Being a commercial airline pilot can be one of the world’s top jobs. First-year salaries at South African Airways (SAA) for instance are R900,000 a year, rising over time to a level on par with those of C-suite corporate executives. Internationally, pilots earn a premium over similar graded professionals in the corporate world. This is in recognition that pilots assume levels of responsibility for the lives of their passengers and fellow crew that is well above the corporate norm.
Given premium salaries, it is therefore surprising that there is a worldwide shortage of pilots. Leading aviation consultants AirInsight projects that there is a global requirement for about 31,000 new pilots annually. The average age of pilots is also increasing, suggesting younger people are not attracted to the profession.
Jimmy Conroy, chairman of the SAA Pilots Association (SAAPA) says this apparent contradiction is explained by the fact that being a pilot comes at a high cost to one’s personal life, and follows a demanding and expensive process to qualify for.
“It all starts with a dream and a goal – to become an airline pilot. The first step is to pass matric with mathematics and/ or science at advanced grade, with a C symbol or higher. Thereafter, you must pass a Class 1 medical from an aviation medical examiner, enroll at a training school and commence with a Student Pilots Licence.”
This involves studies that make a university honours degree pale in comparison: the Student Pilot’s Licence requires Air Law and Aircraft Technical; the Private Pilot’s Licence (PPL) requires Radio licence exams and seven exams comprising of: Aviation Meteorology; Flight Performance and Planning; General Navigation; Aircraft General; Principles of Flight (Aerodynamics); Human Performance and Limitations; Air Law; and to complete, a practical flight test. Finally, completing a Private Pilot’s Licence requires approximately 45 – 50 hours flying training.
A Commercial Pilot’s Licence training involves the following advanced exams: Theoretical and oral radio licence exams; Aviation Meteorology; Flight Performance and Planning; Radio Aids and Communication; General Navigation; Instruments and Electronics; Aircraft Technical and General; Human Performance and Limitations; and Air Law.
The pass mark for examinations is 75%, following which one has to complete a practical flight test, and undertake 200 – 220 flying hours.
“By this stage, it is theoretically possible to fly passengers for remuneration, but few organisations will employ a new commercial pilot with just 220 flying hours,” says Conroy. “Most charter companies require a minimum of 500 hours flying time, commuter airlines require 900 hours and airlines 1,500 flying hours. In addition, most organisations require experience encompassing twin- and turbine-engines which is difficult to obtain. Many gain the requisite experience by obtaining instructor’s ratings or securing positions as co-pilots on small twin engine aircraft. Others build their hours ferrying or delivering aircraft, doing parachute dropping or glider towing.”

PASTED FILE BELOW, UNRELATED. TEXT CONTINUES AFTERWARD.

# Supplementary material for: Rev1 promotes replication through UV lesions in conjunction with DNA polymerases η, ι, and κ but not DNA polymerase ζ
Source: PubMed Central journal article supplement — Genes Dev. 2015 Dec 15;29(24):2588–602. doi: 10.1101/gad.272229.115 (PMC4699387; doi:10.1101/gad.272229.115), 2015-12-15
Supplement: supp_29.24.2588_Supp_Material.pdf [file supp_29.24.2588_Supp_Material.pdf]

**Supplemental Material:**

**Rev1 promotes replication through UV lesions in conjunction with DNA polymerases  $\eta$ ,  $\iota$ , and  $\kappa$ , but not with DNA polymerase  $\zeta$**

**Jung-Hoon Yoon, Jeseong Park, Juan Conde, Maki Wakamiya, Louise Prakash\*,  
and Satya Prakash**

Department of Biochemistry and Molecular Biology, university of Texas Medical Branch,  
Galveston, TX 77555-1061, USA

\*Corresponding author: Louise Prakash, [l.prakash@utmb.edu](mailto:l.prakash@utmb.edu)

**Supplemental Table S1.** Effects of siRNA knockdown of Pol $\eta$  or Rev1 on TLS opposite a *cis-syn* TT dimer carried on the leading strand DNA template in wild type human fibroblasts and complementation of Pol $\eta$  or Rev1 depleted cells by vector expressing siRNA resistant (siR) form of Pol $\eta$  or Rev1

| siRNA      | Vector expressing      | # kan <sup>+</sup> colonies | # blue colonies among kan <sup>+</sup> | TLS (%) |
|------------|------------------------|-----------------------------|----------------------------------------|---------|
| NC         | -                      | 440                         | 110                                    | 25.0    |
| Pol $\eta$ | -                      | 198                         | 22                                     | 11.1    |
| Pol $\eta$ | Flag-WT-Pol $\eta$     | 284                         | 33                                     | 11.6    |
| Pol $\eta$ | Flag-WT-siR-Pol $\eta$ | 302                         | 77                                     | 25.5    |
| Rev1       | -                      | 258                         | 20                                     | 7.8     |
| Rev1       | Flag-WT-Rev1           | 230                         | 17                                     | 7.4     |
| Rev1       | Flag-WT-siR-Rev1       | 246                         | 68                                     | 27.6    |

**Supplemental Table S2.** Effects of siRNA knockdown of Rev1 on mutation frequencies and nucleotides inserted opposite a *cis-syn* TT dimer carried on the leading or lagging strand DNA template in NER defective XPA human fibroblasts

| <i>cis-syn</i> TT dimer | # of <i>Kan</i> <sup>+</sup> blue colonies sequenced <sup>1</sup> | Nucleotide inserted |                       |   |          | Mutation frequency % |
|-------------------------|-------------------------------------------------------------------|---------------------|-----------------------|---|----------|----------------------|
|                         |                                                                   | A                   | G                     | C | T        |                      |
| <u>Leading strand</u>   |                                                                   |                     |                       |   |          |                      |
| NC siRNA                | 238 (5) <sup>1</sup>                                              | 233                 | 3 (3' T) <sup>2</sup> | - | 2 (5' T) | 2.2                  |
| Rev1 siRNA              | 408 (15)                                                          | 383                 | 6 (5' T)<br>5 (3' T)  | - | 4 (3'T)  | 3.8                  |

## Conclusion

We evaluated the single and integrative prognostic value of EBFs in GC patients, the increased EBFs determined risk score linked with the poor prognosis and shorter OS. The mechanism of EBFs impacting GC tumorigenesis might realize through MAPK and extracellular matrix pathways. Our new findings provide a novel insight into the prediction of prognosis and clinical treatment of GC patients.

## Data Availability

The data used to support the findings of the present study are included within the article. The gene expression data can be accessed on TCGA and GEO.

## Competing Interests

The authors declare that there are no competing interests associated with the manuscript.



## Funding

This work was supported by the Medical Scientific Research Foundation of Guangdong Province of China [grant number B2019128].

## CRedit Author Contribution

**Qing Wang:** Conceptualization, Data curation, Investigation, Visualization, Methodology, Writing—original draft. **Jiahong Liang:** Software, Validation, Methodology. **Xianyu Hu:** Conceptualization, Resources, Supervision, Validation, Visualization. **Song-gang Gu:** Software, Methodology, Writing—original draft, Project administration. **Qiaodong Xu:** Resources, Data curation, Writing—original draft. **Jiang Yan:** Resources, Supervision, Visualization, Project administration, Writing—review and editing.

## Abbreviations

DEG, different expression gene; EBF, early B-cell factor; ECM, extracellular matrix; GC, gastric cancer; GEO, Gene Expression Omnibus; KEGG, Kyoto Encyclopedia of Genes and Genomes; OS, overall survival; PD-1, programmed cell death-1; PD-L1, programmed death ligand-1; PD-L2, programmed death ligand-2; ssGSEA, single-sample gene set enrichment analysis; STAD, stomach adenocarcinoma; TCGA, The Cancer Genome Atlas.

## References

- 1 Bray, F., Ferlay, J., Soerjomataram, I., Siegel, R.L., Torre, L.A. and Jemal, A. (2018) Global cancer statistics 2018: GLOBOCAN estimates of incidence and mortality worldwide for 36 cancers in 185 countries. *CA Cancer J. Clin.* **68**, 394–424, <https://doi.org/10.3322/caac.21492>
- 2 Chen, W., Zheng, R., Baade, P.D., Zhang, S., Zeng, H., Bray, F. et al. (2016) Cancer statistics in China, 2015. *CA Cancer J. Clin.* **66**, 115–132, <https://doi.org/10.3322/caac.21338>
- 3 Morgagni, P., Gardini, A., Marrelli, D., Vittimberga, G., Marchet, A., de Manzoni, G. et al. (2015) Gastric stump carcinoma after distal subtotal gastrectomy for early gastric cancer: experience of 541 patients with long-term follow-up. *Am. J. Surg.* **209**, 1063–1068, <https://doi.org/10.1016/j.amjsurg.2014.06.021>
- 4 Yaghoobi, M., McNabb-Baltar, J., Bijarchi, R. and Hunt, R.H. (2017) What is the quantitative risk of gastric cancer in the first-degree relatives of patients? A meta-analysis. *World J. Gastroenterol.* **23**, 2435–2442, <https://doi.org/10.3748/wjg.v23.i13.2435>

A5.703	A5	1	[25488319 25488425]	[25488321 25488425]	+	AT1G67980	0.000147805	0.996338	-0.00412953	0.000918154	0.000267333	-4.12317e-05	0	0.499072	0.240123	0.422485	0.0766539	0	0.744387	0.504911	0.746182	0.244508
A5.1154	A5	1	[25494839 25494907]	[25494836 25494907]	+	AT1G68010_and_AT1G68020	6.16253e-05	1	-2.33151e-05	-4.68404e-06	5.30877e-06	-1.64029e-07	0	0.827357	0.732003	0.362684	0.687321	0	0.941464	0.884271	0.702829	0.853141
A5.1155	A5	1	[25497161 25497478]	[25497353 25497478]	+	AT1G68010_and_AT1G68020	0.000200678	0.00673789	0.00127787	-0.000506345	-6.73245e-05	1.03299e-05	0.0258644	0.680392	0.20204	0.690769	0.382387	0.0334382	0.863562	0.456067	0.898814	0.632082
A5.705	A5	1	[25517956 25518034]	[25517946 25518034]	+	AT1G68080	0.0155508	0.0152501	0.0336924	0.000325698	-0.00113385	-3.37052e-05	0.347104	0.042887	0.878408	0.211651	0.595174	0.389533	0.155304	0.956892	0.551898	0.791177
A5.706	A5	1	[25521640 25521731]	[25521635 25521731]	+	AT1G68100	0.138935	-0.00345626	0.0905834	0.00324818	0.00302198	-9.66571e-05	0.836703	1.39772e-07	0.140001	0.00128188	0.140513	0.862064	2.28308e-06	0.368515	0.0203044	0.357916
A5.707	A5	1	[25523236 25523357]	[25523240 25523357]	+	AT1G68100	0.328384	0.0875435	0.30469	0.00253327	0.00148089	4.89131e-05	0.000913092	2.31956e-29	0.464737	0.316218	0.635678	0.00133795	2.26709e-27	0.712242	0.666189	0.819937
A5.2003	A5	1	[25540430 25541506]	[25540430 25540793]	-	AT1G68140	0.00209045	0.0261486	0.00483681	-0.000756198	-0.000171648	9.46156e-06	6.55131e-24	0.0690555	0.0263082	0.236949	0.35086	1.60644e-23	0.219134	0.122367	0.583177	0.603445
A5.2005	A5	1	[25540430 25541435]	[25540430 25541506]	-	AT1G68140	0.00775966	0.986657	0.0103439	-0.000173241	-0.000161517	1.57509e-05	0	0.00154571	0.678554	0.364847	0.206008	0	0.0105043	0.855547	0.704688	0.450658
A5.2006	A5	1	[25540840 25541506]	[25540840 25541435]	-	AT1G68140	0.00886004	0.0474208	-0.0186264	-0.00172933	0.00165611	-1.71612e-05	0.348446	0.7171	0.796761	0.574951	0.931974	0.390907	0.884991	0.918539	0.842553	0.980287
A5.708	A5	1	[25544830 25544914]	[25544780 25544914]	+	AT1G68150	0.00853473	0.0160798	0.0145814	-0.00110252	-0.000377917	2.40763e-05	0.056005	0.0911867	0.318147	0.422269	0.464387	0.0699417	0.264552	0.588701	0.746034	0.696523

Once a young commercial pilot finds employment at a charter company, he or she may first expect to work for a year as an ops officer in an office before flying, to pay back the cost of their training. “It’s a tough time in a young pilot’s life.” One still has to complete Instrument Rating, which requires a further six exams and a difficult practical flight test.
“Once one obtains a Commercial Pilot’s Licence with an Instrument Rating and 900 hours flying time, one becomes marketable to commuter airlines. Getting to this point will typically have taken you five years and cost up to R1 million. Once employed by a commuter airline, one will accumulate a further 800 flying hours a year, though salaries will still not be good.”
“Generally pilots will have little chance of getting into major international airlines such as SAA with less than 5,000 hours flying time,” says Conroy.
The top qualification is an Airline Transport Pilot’s Licence (ATPL). To acquire this, one is required to pass various subjects with a high level of applied mathematics and physics: Aviation Meteorology; Flight Performance and Planning; Radio Aids and Communications; General Navigation; Instruments and Electronics; and Aircraft Technical and General; followed by an advanced flight test.
“Once fully qualified with an ATPL and employed in an airline, one is still required to undertake continuous professional training. This consists of passing a Class 1 flying medical every year, completing each year at least two simulator checks of eight hours in time, completing a minimum of six exams and one route check per year.
“So yes, once you have done all that, being a commercial airline pilot can certainly be one of the world’s top jobs – but you’ll have earned your position,” concludes Conroy.